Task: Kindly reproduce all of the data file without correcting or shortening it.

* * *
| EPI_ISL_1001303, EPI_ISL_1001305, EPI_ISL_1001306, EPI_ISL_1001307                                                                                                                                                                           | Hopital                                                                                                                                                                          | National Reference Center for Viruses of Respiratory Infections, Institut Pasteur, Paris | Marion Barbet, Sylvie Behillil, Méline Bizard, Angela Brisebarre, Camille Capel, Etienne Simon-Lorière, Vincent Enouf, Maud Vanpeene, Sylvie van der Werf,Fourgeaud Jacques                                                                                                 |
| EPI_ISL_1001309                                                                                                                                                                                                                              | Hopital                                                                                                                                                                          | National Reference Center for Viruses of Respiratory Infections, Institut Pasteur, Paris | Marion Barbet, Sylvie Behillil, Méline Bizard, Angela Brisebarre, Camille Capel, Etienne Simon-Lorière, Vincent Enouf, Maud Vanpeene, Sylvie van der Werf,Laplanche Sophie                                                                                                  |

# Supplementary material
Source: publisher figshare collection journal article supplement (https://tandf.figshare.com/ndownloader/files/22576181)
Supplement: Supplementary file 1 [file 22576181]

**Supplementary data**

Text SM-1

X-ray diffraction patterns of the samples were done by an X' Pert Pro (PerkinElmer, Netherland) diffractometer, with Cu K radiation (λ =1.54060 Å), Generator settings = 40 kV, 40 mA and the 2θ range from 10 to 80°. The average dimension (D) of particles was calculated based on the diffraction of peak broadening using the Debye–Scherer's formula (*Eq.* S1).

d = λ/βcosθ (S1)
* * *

| EPI_ISL_1001303, EPI_ISL_1001305, EPI_ISL_1001306, EPI_ISL_1001307                                                                                                                                                                           | Hopital                                                                                                                                                                          | National Reference Center for Viruses of Respiratory Infections, Institut Pasteur, Paris | Marion Barbet, Sylvie Behillil, Méline Bizard, Angela Brisebarre, Camille Capel, Etienne Simon-Lorière, Vincent Enouf, Maud Vanpeene, Sylvie van der Werf,Fourgeaud Jacques                                                                                                 |
| EPI_ISL_1001309                                                                                                                                                                                                                              | Hopital                                                                                                                                                                          | National Reference Center for Viruses of Respiratory Infections, Institut Pasteur, Paris | Marion Barbet, Sylvie Behillil, Méline Bizard, Angela Brisebarre, Camille Capel, Etienne Simon-Lorière, Vincent Enouf, Maud Vanpeene, Sylvie van der Werf,Laplanche Sophie                                                                                                  |

# Supplementary material
Source: publisher figshare collection journal article supplement (https://tandf.figshare.com/ndownloader/files/22576181)
Supplement: Supplementary file 1 [file 22576181]

**Supplementary data**

Text SM-1

X-ray diffraction patterns of the samples were done by an X' Pert Pro (PerkinElmer, Netherland) diffractometer, with Cu K radiation (λ =1.54060 Å), Generator settings = 40 kV, 40 mA and the 2θ range from 10 to 80°. The average dimension (D) of particles was calculated based on the diffraction of peak broadening using the Debye–Scherer's formula (*Eq.* S1).

d = λ/βcosθ (S1)